Jennifer Lee
Jennifer Lee, UCI professor of sociology and co-author of “The Asian American Achievement Paradox,” notes that a 1965 law “ushered in a new stream of immigrants from Asia who are hyperselected – meaning that they’re more highly educated than their compatriots and also more highly educated than the general U.S. population.” Steve Zylius / UC Irvine

One in four Americans today are either immigrants or children of immigrants. As the U.S. moves from a black and white society to a potpourri of racial and ethnic groups, researchers are turning their attention to why certain immigrant and second-generation groups are more likely to succeed. Asian Americans stand out for having the highest median household income and education level of all groups, including native-born whites, according to the Pew Research Center.

It’s a demographic that’s often stereotyped as the “model minority,” who seemingly get ahead because they have the “right” cultural traits and values. But there are very specific immigration patterns, institutions and social psychological factors that foster high academic achievement among certain Asian American groups, says Jennifer Lee, UCI professor of sociology and co-author of The Asian American Achievement Paradox – a forceful rebuttal to Battle Hymn of the Tiger Mother.

Lee and colleague Min Zhou, professor of sociology and Asian American studies at UCLA, conducted 82 in-depth interviews with 1.5- and second-generation Chinese and Vietnamese people living in the Los Angeles/Orange County metro area. They also interviewed 56 1.5– and second-generation Mexicans, as well as 24 third-plus-generation, native-born whites and blacks for comparison. The book also includes census data and results from the Immigration & Intergenerational Mobility in Metropolitan Los Angeles study.

“Our research debunks the idea that there is something intrinsic about Asian culture, traits or values that produces exceptional educational outcomes,” Lee says. “First, the change in U.S. immigration law in 1965 was critical, because it ushered in a new stream of immigrants from Asia who are hyperselected – meaning that they’re more highly educated than their compatriots and also more highly educated than the general U.S. population.”

For example, only 4 percent of people living in China have college degrees, but about 51 percent of those emigrating to the U.S. do. In India, the vast majority of people are uneducated and impoverished, but 70 percent of its emigrants to the U.S. are college-educated. Moreover, these immigrants exceed the academic attainment of most Americans, 28 percent of whom are college-educated.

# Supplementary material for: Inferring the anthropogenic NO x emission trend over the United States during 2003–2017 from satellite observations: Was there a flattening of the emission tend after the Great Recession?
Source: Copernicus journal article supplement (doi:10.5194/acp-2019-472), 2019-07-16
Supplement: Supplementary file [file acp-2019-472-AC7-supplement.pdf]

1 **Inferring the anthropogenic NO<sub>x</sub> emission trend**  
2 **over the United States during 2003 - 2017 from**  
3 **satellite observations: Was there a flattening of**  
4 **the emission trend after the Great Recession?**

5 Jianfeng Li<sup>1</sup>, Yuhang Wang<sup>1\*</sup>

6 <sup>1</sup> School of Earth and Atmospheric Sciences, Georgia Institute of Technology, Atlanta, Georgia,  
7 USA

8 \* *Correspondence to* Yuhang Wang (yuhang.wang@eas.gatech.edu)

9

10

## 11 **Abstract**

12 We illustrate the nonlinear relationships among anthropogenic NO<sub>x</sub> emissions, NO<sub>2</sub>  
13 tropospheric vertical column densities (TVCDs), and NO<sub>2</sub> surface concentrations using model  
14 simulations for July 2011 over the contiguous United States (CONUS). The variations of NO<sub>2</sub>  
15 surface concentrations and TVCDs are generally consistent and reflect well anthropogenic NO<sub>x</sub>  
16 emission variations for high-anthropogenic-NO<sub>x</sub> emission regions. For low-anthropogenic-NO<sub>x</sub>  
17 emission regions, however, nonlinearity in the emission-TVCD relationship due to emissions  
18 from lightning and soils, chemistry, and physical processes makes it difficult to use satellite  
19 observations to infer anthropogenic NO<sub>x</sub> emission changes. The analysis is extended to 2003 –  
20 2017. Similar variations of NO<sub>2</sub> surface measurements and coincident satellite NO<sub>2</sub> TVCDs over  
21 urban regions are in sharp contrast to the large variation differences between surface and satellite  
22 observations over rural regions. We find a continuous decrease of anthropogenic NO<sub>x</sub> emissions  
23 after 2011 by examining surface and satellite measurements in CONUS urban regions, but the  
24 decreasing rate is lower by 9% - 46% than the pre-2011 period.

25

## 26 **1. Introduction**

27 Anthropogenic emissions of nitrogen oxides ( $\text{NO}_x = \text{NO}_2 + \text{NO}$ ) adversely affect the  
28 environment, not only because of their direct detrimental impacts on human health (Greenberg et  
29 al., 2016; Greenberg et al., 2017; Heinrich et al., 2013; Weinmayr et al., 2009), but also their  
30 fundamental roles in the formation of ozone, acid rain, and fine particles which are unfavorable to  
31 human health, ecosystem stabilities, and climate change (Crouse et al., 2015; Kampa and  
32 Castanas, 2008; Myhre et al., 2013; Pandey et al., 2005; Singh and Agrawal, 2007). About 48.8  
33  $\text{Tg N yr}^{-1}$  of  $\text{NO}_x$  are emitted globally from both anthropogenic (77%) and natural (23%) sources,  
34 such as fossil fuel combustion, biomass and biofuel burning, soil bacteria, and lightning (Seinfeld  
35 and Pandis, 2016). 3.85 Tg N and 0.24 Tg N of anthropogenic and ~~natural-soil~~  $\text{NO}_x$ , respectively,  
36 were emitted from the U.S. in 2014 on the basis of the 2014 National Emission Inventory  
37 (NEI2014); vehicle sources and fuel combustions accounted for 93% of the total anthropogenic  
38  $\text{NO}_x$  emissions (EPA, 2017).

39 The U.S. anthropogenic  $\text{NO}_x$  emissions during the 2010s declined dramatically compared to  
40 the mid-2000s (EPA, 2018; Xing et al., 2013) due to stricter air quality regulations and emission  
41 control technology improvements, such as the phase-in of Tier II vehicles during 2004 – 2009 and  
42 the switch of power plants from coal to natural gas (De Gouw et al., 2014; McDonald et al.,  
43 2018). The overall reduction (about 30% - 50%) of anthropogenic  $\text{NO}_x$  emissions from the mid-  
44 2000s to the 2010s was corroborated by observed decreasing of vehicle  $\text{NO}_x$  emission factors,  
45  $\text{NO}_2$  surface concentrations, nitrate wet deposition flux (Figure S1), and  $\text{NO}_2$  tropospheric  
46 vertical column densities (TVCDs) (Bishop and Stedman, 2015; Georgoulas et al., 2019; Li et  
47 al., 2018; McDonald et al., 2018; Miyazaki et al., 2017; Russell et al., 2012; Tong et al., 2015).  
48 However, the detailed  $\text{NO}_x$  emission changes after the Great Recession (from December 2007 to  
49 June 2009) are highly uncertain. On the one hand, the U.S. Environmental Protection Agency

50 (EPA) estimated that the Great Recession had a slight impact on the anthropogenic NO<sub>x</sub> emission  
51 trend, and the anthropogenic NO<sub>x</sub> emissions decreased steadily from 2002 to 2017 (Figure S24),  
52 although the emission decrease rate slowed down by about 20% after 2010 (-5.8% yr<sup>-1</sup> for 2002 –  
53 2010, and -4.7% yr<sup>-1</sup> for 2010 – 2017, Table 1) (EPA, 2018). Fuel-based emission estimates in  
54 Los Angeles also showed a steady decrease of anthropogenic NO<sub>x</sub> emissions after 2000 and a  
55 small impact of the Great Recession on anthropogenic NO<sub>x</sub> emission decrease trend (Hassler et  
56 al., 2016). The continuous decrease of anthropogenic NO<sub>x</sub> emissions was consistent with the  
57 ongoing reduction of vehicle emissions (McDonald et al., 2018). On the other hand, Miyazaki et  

“The biggest predictor of a child’s success is parental education,” Lee notes. “If your parents are college-educated, the likelihood of you going to college and graduating is very high.”

The hyperselectivity of Chinese immigrants in the U.S. means their children begin their quest for success from more favorable “starting points” than do children of other immigrant groups, such as Mexicans, or native-born groups, including whites, she says.

Hyperselectivity can also benefit less fortunate members of an immigrant group, she says. After-school academies and SAT prep courses are popular in Asian American enclaves. The children of working-class immigrants in these areas can take advantage of these programs and services – many of which are offered by church groups and community centers at little or no cost.

Being a member of a hyperselected group, however, has social and psychological consequences, according to Lee. Since Chinese Americans are, on average, highly educated, people stereotype all members of this group as high achievers. As a result, teachers, guidance counselors and peers see all Chinese Americans (and all Asian Americans generally) as smart, hardworking and diligent and treat them accordingly.

These “positive stereotypes” can boost the performance of Asian American students – an effect Lee describes as “stereotype promise.” But the downside to being stereotyped by teachers as smart is that Asian Americans with less than stellar grades can view themselves as outliers or failures, she notes.

“Some of our interviewees said they don’t feel Asian or Chinese,” she says, “because their academic performance and career choices do not match what they perceive as the norm for Asian Americans.”

Lee says she took on the subject of Asian American educational attainment to foster understanding of how and why certain immigrant and second-generation groups succeed, a timely topic since China recently replaced Mexico as the top country of origin for immigrants in the U.S., according to the Census Bureau.

“Many people attribute Asian American success to intrinsic cultural traits or values, but our research refutes this,” she says. “In The Asian American Achievement Paradox, we show how the change in U.S. immigration law, access to material and nonmaterial resources, and the effects of racial stereotypes can influence group outcomes. These factors explain the high educational achievement of Asian Americans.”